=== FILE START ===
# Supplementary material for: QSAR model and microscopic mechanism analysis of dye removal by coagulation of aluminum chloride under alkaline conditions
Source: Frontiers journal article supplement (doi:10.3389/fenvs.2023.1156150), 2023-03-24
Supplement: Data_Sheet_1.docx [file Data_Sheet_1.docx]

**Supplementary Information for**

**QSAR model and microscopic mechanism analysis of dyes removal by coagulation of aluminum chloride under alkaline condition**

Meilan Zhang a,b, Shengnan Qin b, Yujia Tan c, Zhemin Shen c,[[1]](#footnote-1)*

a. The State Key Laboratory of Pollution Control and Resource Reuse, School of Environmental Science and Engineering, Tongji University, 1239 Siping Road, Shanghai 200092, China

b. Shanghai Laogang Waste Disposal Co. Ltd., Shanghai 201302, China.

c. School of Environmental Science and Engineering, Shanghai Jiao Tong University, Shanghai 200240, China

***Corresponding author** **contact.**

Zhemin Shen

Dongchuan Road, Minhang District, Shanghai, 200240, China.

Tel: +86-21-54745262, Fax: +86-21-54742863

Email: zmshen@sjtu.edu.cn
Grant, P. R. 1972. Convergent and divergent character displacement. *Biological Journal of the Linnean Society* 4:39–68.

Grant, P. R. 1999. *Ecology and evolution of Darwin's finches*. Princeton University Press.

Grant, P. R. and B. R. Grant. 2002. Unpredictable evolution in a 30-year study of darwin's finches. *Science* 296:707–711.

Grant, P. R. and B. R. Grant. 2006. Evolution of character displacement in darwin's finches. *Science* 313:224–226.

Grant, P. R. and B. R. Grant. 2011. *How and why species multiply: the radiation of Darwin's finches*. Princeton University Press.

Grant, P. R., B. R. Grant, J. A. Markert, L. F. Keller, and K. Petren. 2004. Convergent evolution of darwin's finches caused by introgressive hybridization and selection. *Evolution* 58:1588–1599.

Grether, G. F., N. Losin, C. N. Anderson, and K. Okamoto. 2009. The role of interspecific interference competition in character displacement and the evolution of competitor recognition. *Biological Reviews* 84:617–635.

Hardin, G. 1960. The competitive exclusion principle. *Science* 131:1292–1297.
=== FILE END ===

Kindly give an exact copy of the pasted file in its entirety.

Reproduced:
# Supplementary material for: QSAR model and microscopic mechanism analysis of dye removal by coagulation of aluminum chloride under alkaline conditions
Source: Frontiers journal article supplement (doi:10.3389/fenvs.2023.1156150), 2023-03-24
Supplement: Data_Sheet_1.docx [file Data_Sheet_1.docx]

**Supplementary Information for**

**QSAR model and microscopic mechanism analysis of dyes removal by coagulation of aluminum chloride under alkaline condition**

Meilan Zhang a,b, Shengnan Qin b, Yujia Tan c, Zhemin Shen c,[[1]](#footnote-1)*

a. The State Key Laboratory of Pollution Control and Resource Reuse, School of Environmental Science and Engineering, Tongji University, 1239 Siping Road, Shanghai 200092, China

b. Shanghai Laogang Waste Disposal Co. Ltd., Shanghai 201302, China.

c. School of Environmental Science and Engineering, Shanghai Jiao Tong University, Shanghai 200240, China

***Corresponding author** **contact.**

Zhemin Shen

Dongchuan Road, Minhang District, Shanghai, 200240, China.

Tel: +86-21-54745262, Fax: +86-21-54742863

Email: zmshen@sjtu.edu.cn
Grant, P. R. 1972. Convergent and divergent character displacement. *Biological Journal of the Linnean Society* 4:39–68.

Grant, P. R. 1999. *Ecology and evolution of Darwin's finches*. Princeton University Press.

Grant, P. R. and B. R. Grant. 2002. Unpredictable evolution in a 30-year study of darwin's finches. *Science* 296:707–711.

Grant, P. R. and B. R. Grant. 2006. Evolution of character displacement in darwin's finches. *Science* 313:224–226.

Grant, P. R. and B. R. Grant. 2011. *How and why species multiply: the radiation of Darwin's finches*. Princeton University Press.

Grant, P. R., B. R. Grant, J. A. Markert, L. F. Keller, and K. Petren. 2004. Convergent evolution of darwin's finches caused by introgressive hybridization and selection. *Evolution* 58:1588–1599.

Grether, G. F., N. Losin, C. N. Anderson, and K. Okamoto. 2009. The role of interspecific interference competition in character displacement and the evolution of competitor recognition. *Biological Reviews* 84:617–635.

Hardin, G. 1960. The competitive exclusion principle. *Science* 131:1292–1297.